Who would be involved in those conversations? The CISO and general counsel, obviously; the privacy officer and head of internal audit too, and possibly the heads of other business units as well. One good practice would be that if your company already has an in-house compliance committee that talks about cybersecurity, every member of that committee should have an opportunity to participate.

For example, you could go to the CFO and ask him or her to set a threshold for quantitative materiality. Would you just use the same materiality threshold already set for Sarbanes-Oxley compliance? That has the benefit of simplicity, but it also assumes that materiality in cybersecurity and in internal control over financial reporting are the same thing. Are we sure that’s the case? 

Indeed, my friend recommended not using the SOX materiality threshold for cyber incidents. Cyber attacks happen at large companies every day, he argued, so if you set your quantitative materiality threshold at the low bar of SOX materiality, you could end up disclosing a constant stream of attacks that cause low-dollar damage. Is all that disclosure really useful to investors? Or does it devolve into white noise?

Instead, my friend said, the compliance officer should (politely) push the CFO: “Give me an estimate for a quantitative materiality number, but you’re not allowed to say it’s the SOX number.” Then see what he or she says.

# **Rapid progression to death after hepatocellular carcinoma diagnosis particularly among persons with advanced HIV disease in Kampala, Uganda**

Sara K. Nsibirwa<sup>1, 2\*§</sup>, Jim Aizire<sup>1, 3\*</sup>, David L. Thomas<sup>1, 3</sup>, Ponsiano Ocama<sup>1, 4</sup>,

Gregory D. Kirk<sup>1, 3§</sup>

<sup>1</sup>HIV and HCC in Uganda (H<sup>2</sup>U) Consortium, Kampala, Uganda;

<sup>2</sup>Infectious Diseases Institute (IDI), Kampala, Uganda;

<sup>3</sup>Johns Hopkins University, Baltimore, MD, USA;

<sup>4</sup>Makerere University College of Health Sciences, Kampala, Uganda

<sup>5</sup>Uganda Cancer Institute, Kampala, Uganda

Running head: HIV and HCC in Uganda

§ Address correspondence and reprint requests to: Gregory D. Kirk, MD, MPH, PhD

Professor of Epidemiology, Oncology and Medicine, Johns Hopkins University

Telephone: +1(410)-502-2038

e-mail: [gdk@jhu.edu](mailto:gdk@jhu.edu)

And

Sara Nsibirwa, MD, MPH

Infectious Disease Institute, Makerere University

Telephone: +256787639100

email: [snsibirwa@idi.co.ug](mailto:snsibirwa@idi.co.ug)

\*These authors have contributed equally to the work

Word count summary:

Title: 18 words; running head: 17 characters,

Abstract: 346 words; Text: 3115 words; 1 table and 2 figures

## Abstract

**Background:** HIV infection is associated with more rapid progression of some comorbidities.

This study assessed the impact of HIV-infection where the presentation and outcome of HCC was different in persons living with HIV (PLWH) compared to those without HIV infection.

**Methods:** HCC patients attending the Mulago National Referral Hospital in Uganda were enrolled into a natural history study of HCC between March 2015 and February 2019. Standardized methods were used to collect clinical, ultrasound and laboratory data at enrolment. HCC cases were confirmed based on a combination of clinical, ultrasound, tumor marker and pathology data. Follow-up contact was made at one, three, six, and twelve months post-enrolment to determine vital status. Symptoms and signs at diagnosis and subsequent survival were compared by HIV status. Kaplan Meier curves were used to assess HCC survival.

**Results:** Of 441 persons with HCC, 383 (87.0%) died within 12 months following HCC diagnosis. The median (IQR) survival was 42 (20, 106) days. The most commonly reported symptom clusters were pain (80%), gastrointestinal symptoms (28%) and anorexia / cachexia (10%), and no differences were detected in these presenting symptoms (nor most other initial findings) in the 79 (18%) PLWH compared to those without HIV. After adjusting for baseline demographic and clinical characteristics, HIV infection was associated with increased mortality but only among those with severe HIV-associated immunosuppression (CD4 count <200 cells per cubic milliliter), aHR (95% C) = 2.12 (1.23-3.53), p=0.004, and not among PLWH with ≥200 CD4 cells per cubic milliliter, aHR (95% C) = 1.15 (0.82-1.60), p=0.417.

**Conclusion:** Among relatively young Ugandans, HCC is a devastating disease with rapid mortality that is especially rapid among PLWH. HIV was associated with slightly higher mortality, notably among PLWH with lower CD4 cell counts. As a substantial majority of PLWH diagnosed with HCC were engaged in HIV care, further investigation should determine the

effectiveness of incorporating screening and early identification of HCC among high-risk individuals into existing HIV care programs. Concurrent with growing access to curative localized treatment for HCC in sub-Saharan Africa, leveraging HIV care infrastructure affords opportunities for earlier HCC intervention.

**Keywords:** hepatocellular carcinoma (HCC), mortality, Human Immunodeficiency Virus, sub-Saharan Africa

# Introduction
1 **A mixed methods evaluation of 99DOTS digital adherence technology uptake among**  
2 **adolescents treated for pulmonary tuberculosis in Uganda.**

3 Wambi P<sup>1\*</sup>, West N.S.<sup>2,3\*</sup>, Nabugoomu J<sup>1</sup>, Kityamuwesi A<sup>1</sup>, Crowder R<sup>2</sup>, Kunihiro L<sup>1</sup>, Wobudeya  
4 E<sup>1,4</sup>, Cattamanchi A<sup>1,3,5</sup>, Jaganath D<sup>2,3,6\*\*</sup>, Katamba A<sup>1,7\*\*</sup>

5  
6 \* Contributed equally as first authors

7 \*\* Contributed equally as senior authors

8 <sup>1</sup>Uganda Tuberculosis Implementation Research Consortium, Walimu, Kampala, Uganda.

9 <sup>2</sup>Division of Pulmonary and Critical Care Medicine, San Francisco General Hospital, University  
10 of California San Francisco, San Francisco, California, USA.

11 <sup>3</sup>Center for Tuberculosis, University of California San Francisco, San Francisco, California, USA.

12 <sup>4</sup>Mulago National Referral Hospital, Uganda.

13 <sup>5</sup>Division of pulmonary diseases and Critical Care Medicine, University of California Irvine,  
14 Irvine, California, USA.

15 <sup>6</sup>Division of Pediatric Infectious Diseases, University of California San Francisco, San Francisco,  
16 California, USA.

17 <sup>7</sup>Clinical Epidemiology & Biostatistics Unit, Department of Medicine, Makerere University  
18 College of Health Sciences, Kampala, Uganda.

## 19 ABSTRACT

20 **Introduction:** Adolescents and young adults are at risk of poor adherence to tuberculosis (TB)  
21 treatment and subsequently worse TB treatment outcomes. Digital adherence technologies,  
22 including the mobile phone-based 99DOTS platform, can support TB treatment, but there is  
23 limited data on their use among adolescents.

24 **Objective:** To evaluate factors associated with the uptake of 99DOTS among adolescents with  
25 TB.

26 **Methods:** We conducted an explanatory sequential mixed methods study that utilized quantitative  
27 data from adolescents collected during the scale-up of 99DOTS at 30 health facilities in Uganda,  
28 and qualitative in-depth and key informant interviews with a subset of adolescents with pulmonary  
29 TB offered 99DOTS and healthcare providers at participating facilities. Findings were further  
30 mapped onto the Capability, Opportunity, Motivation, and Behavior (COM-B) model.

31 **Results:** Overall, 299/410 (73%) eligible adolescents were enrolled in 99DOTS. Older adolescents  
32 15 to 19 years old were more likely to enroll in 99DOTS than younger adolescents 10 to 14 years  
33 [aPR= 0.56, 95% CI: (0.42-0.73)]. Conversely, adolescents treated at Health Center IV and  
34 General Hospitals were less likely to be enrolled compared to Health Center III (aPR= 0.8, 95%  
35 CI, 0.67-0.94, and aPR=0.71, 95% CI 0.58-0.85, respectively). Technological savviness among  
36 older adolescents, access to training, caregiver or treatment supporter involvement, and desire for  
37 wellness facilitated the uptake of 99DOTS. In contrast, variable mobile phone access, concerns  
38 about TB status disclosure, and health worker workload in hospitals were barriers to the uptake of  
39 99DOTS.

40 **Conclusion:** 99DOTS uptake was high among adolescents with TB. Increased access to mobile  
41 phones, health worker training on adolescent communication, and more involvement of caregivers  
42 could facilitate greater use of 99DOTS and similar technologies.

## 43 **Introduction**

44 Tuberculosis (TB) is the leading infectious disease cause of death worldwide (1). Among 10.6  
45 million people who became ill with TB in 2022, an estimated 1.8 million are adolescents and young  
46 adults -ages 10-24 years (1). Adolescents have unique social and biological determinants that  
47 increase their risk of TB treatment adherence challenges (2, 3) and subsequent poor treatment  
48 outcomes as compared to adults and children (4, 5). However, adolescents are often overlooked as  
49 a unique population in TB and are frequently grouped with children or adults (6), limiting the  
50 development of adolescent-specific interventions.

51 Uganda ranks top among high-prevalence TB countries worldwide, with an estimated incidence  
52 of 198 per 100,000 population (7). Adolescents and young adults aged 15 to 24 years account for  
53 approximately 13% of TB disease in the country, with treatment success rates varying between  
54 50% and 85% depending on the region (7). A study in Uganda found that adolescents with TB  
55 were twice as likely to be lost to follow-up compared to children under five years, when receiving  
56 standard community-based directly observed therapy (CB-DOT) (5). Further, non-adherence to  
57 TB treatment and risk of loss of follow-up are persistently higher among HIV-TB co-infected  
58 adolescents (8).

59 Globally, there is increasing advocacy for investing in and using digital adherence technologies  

Maybe the answer will be a 5 percent increase in the company’s cost basis, or a 5 percent loss of revenue. Maybe it will be some blend of the two, or some other threshold. My friend’s point was simply that this is an important conversation to have.

materialityThat’s even more true for qualitatively material incidents — incidents that don’t lead to significant financial harm, but do suggest deep weaknesses in the company’s cybersecurity regime. For example, the incident might be a failure of IT general controls, leaving people to wonder what other IT risks you’re not managing; or it might be a persistent tendency to fall for phishing attacks, which suggests that your employee training stinks. 

Defining qualitative materiality is inherently tricky. It involves lots of subjective judgment, and subjective judgment is the sort of thing plaintiff lawyers love to second-guess in shareholder lawsuits. It also tends to be dissected by regulators, another unpleasant experience.